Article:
There’s little more stressful and frightening to a parent than to think their ex might be neglecting them while the ex has them in their care. Often parents don’t want to believe something like that would happen, or they worry that the ex will take it badly if the question is raised–and take it out on the children. But neglect of children is a significant cause of long-term emotional damage to a child, and addressing it as soon as possible is strongly recommended for the child’s well-being and yours as well.

It’s important to understand that someone can be accused of neglect if they’re a parent, legal guardian, or caretaker. It doesn’t matter if the birth parents were legally married or not.

What Types of Neglect Are There?

California defines child neglect as negligent treatment which threatens the child’s health or welfare. California law has two broad categories of neglect:

  • General neglect. General neglect occurs when the responsible adult fails to provide adequate food, clothing, shelter, or supervision but where no physical injury to the child has occurred. This can include (but isn’t limited to) not providing enough food even if the parent can afford to, not providing adequate clothing for adverse weather (raingear or parkas), or refusing to provide dental or medical care or medication to a child that’s sick.
  • Severe neglect. These are situations of general neglect where the child is injured or their health is endangered. This includes (but isn’t limited to) malnutrition or lack of medical care to the extent that the child is seriously ill or even in a life-threatening medical crisis.

What Are the Signs of Neglect?

There are many, and a child can have several or one, some milder than others, some more intense than others. But if any of these appear, you’re right to be worried.

  • The child isn’t growing as expected, or their growth rate suddenly slows at a period when they should be growing regularly.
  • The child and their clothing are often dirty beyond what could be expected from normal playing, and they may even have body odor.
  • They don’t have needed clothing or other supplies (for example, no snow boots in a snowy climate).
  • Their school or daycare attendance declines, or you hear reports of sudden changes in school performance.
  • The child demonstrates sudden behavior changes.
  • The child hoards, steals, or guards food or money.
  • There is no record or sign that the child is seeing a medical professional for regular checkups or because of illness or injury.
  • The child has learning or concentration difficulties that can’t be diagnosed as a specific condition.
  • The child becomes unusually quiet and watchful, as if expecting something bad to happen.

Note that there are some exemptions to this. A family that’s living in poverty is not necessarily neglecting the child, unless they deliberately don’t seek out the social services that could help them feed, clothe, and house the child. 

A more complicated area of neglect involves medical care for the child if the parent claims the right to refuse medical treatment because of medical beliefs. The state does have the right to override the parent’s wishes if the parent refuses to give consent and the doctors say the child is at serious risk of harm, could even die without treatment, or is likely to have a good-quality life if the treatment is administered. However, if a child is terminally ill and there’s no chance of recover, doctors can honor the parent’s wishes. These are difficult cases that can end up in court, so having an experienced family law attorney is advisable.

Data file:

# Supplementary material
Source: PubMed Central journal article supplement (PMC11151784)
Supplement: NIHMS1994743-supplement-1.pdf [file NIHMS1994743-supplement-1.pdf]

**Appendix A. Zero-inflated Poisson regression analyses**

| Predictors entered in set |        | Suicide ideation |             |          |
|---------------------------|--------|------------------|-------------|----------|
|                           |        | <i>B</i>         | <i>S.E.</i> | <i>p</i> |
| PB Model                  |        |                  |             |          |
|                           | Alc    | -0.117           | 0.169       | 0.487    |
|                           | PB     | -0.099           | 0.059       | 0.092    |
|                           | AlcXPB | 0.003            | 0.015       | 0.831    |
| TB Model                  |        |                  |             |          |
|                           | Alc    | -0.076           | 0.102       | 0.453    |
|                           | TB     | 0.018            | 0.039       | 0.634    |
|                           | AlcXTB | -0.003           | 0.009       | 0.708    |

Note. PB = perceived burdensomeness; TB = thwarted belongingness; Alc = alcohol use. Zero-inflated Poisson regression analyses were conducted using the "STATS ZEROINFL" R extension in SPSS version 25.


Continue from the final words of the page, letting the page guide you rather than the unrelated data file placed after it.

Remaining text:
What Are the Legal Consequences for Neglecting a Child in California?

It varies depending on the severity of the neglect, but California law allows for someone convicted of child neglect to spend up to one year and one day in a state prison or a county jail and/or a maximum fine of $2,000. This may be charged as a felony crime, which is more serious than a misdemeanor. However, it’s possible that the person accused may receive a reduced charge or probation instead of jail time. In those cases, the neglectful parent are often ordered to attend counseling and avoid drugs. There is also the possibility of the neglectful parent losing custody or visitation, at least unsupervised.

Repeated convictions on child neglect often have the same level of punishment, except that it’s more likely to be a felony charge. Once a felony is on someone’s record, that person can no longer buy, use, or own a firearm. It can also be more difficult to pass a background check for a job or an apartment rental contract.

What Should I Do if I Suspect My Ex of Neglecting My Children?

Call us at 951-223-1058 as soon as possible to request an initial consultation. You’ll want to act on this as quickly as you can. Our experienced, knowledgeable attorneys can advise you on the steps you’ll need to take to document the neglect and how to go forward with taking action, including potentially contacting the police, the local county department of children and family services, or the California Department of Social Services. The first and highest priority is the safety of your child. Examining what options you have to protect them going forward is the next step, and we have advice and an understanding of what lies in the future. This could be an intensely stressful and frightening time, and we’re here to help you protect your child going forward.